June 28, 2005
Concerned about administrators
Posted by Lindalyn Kakadelis at 5:00 PM
Tom Shuford is a retired teacher and a board member for the North Carolina Education Alliance.
His letter in the Raleigh News & Observer pointed out a disturbing statistic from the Graduate Record Examination --
Within the Education category, applicants for graduate study in educational administration had the lowest individual and composite scores: mean verbal -- 429; mean quantitative -- 520; total composite -- 949. That happens to be the lowest individual and composite scores of all 34 subcategories tabulated by the Educational Testing Service.
Assuming that most of the education administration applicants are accepted [virtually all are] and eventually certified to lead schools and school systems, what do data like these mean for the quality of the decision-making about curricular issues, methods, teachers, etc?
Supreme Poetic Justice
Posted by Paul Chesser at 2:53 PM
Souter may no longer be master of his eminent domain.
Punch...Judges and One More Post on Kelo
Posted by Kent Lassman at 10:06 AM
In order to beat George to the punch, here is a link to Professor Sowell's essay de jour at RCP. He tackles the mainstream thinking that dominates jurisprudence.
In particular, I'm enamored with his application of Hayek's principle of local knowledge. To wit:
There are trade-offs made by attorneys on the scene and more familiar with local juries than anybody in a marble building in Washington can possibly be. Supreme Court Justices themselves are bound to know that. But the liberals among them take every opportunity to put obstacles in the way of executions.
They are in the mainstream.
He then elaborates on why judicial nominations are so politically contested.
The very desperation in political fights over judicial nominees is a clue to what is wrong with our legal system. It should not matter very much which particular man or woman becomes a judge, if that person has the competence and the integrity to apply the laws and uphold the Constitution.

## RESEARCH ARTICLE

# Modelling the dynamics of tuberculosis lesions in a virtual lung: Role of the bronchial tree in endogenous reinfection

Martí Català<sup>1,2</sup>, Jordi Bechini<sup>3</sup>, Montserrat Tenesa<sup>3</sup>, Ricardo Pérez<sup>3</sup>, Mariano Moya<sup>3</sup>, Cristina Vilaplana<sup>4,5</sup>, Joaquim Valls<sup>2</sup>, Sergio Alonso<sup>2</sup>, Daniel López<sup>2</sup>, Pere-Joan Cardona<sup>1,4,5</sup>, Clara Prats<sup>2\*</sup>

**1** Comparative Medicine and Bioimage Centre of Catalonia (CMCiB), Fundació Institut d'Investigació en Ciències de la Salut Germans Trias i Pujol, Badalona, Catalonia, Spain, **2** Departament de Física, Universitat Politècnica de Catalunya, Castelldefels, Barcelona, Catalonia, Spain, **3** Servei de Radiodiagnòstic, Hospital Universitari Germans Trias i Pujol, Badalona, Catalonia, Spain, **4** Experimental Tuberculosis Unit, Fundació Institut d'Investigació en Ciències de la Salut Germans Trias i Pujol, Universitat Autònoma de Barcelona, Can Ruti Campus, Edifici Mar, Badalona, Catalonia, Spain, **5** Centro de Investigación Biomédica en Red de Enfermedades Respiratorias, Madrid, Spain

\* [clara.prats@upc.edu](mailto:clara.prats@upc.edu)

The reason it matters enormously is that, over the past half century or so, many judges have gone beyond their judicial roles to impose their own policy preferences. Since these kinds of judges have almost invariably imposed policies favored by liberals, they have been cheered on -- not only by liberal politicians, but also by most of the media, the law schools and the intelligentsia.
Also, I found Lynne Kiesling's rundown of Kelo commentary interesting. I think that she is overly hopeful that the ruling is enough to swing the pendulum back toward respect for private property...but hope should count for something.
Public schools "cannot choose" their students
Posted by Janie Neeley at 09:53 AM
This excuse is trotted out each year after test scores are published. It's also a favorite saying of school choice critics who attack choice as inherently elitist.
Yet, the truth is essentially the opposite. Selective admission policies are widespread in public schools. Take a look at Wake county's year-round school debate.
Certainly equity and diversity are important, but at what point does this concern trump the needs and personal circumstances of the parents involved. It is no wonder why low-income parents lack trust in our public schools. They are continually used as political pawns.
Two quotes stand out to summarize this debate:
"Mandatory is unfortunately the way we'll have to go if we want to keep all schools healthy." - Rosa Gill, Wake County School Board Member
"Power always thinks it has great soul and vast views beyond the comprehension of the weak." – John Adams
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